Early signs of Brexit’s impact on our environment have been worrying. Just a matter of days after the UK departed from the EU’s regulatory arrangements we have already seen the Government approve use of bee-killing chemicals and permit the continued export of plastic waste – both activities banned by the EU.
The Royal Society for the Protection of Birds (RSPB) set out seven tests during the transition period to assess whether the UK departure from the EU would help rather than hinder our efforts to tackle the climate and ecological emergency.
The EU/UK Trade and Cooperation Agreement (TCA) arrived on Christmas Eve. In the attached blog, the RSPB offers its understanding of what the TCA says, what it means for nature before then providing an assessment against the seven tests they set. A more detailed analysis of progress in each of the Four Nations is shown in the file attached at the bottom of this blog.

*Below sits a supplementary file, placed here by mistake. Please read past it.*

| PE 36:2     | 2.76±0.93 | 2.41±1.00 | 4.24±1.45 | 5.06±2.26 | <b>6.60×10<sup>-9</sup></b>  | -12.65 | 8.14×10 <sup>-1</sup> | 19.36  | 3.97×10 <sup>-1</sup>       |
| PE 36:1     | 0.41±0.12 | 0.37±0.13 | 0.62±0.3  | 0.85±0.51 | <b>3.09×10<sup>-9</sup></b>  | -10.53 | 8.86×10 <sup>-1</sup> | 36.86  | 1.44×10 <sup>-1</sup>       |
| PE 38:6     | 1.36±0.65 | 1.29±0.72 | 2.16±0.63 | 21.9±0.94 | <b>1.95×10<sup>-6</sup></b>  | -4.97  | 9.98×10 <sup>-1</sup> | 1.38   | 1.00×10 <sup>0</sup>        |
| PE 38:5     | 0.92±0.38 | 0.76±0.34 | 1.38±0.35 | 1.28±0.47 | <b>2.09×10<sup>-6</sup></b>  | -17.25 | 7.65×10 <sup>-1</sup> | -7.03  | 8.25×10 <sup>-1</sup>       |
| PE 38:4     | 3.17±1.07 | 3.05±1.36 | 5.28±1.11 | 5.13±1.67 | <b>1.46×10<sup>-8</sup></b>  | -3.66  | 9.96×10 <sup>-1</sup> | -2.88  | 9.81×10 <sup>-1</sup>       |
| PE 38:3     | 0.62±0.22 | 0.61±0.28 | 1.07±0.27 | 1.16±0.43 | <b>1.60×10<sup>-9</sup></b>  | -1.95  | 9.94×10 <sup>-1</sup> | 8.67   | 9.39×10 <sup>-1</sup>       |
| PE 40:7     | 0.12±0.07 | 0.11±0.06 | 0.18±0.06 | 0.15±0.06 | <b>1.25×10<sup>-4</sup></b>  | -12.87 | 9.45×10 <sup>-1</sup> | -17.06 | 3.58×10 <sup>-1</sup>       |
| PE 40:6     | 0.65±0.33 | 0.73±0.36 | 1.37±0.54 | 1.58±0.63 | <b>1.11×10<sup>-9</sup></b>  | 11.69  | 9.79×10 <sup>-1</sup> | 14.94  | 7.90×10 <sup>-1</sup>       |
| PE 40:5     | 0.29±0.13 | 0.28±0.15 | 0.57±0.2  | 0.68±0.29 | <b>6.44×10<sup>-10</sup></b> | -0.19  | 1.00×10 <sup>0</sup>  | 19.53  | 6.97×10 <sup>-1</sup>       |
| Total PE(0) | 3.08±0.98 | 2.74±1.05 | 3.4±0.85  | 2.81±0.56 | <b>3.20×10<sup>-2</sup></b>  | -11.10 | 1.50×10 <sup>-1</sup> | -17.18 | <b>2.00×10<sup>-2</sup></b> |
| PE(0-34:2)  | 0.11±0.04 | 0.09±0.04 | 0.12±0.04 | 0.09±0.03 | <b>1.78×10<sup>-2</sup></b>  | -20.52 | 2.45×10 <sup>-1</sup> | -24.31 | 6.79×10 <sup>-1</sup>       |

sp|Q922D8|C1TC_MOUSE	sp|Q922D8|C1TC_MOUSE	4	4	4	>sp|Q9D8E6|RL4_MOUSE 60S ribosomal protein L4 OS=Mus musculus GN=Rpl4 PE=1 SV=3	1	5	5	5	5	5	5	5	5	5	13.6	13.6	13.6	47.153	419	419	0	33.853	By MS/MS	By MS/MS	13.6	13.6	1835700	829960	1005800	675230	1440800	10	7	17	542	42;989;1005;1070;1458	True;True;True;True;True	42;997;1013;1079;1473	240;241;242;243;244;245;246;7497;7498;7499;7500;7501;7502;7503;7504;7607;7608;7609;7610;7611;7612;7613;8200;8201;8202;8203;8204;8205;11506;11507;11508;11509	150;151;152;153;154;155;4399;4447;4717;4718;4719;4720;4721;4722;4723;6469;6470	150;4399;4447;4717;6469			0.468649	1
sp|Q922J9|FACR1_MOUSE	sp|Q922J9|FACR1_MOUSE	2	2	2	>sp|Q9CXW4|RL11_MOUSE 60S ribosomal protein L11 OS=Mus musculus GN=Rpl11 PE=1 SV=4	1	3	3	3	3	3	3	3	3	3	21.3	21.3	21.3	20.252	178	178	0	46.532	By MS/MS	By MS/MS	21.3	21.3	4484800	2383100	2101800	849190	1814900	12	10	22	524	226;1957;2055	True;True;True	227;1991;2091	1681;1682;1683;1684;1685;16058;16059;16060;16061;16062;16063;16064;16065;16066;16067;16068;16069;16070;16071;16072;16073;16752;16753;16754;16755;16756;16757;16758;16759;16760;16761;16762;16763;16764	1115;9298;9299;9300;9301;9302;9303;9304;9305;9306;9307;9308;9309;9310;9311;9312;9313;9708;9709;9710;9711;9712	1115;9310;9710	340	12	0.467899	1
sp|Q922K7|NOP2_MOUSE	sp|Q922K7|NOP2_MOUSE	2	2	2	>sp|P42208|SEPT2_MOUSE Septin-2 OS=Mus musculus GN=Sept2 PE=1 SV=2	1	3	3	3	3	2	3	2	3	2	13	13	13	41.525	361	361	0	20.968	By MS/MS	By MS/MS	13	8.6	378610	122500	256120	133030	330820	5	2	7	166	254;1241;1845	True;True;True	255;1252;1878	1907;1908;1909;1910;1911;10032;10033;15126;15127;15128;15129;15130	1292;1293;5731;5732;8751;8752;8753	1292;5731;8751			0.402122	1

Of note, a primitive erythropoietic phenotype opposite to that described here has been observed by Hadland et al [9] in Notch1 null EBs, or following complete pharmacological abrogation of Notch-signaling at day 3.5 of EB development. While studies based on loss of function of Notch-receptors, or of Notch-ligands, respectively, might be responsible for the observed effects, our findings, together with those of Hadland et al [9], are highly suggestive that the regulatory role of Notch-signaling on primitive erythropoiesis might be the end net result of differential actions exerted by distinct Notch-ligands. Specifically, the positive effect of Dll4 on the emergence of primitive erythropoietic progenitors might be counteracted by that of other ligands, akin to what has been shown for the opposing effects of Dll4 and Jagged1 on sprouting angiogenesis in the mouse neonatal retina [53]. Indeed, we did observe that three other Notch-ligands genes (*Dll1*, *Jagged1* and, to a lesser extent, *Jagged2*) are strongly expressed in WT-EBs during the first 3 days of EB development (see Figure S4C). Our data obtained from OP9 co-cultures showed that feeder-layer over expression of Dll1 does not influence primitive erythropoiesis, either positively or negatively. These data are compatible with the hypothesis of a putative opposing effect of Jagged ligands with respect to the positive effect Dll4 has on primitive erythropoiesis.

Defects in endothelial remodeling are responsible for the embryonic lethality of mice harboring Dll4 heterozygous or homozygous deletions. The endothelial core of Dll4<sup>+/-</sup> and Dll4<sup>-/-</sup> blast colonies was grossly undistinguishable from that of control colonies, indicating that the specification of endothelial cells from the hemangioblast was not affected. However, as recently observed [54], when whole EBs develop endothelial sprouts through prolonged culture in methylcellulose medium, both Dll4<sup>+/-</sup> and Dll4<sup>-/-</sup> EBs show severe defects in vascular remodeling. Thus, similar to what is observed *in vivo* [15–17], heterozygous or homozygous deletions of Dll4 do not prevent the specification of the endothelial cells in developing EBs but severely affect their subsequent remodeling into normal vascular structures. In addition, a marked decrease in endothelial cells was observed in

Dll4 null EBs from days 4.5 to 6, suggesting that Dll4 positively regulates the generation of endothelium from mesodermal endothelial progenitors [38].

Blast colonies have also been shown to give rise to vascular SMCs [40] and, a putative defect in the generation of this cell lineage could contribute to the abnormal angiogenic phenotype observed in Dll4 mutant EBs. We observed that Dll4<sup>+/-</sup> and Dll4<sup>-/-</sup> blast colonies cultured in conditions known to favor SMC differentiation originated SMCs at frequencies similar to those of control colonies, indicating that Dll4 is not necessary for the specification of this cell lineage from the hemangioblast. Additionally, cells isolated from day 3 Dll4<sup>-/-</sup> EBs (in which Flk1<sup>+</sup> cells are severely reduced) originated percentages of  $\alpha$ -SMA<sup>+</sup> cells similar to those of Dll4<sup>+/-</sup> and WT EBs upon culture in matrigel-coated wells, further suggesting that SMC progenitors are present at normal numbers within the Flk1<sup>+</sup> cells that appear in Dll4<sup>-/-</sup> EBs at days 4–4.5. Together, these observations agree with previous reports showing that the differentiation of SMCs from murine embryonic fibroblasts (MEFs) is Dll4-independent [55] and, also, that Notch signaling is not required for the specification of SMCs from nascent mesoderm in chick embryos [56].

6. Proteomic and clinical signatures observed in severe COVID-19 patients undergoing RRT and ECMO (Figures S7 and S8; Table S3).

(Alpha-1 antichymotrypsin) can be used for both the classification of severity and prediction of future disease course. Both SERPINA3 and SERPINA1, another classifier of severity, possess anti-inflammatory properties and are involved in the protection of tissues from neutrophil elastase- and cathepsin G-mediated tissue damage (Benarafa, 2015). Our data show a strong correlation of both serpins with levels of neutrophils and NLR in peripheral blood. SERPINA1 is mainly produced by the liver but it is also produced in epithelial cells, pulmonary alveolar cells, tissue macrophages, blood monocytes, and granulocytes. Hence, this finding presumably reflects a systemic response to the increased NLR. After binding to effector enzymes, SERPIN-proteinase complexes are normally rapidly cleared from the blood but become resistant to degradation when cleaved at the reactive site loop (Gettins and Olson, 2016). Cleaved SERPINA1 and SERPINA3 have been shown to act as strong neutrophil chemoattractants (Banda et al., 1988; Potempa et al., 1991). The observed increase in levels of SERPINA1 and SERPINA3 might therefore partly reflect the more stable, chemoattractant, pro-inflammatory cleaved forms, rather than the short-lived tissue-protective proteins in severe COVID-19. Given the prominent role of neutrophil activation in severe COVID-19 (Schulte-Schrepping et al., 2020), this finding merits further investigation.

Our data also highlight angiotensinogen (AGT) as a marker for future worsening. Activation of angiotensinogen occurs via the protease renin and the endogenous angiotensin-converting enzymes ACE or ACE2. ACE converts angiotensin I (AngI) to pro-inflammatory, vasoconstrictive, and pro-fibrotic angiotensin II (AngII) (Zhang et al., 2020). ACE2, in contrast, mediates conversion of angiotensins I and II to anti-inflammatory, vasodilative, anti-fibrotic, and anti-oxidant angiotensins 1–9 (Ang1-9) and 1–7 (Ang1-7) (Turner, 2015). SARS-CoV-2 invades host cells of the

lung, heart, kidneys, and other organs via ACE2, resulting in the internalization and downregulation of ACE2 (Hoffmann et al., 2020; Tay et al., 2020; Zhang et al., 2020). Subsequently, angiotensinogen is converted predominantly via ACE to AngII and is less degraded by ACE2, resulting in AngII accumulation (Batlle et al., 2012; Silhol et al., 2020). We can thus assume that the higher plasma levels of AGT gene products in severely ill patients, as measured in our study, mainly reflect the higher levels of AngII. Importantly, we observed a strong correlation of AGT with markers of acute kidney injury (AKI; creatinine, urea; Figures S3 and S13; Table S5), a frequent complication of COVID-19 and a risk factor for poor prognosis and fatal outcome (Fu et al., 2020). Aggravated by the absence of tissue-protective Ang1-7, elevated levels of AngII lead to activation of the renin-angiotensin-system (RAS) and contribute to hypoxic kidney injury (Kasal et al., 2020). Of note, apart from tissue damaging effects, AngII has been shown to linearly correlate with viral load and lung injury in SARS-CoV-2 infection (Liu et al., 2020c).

If you want to jump to the punchline, here it is…
…better than no deal, that would have been disastrous for nature
…despite some quirks, it is, compared with other trade deals, quite progressive from an environmental perspective
…however, if it is expected to provide the final piece to the Brexit puzzle and bridge the environmental gaps arising from the UK’s departure (and with it the return of numerous legislative, regulatory and governance responsibilities), then it falls short
…there is still a lot of work to do to replace the environmental protections that were afforded through our membership of the EU
…we have even more work to do (either side of the Channel) to ensure we have the right legal, policy and financial framework to adequately address the nature and climate emergency.
Image of Kingfisher via Andreas Trepte, www.avi-fauna.info. CC BY-SA 2.5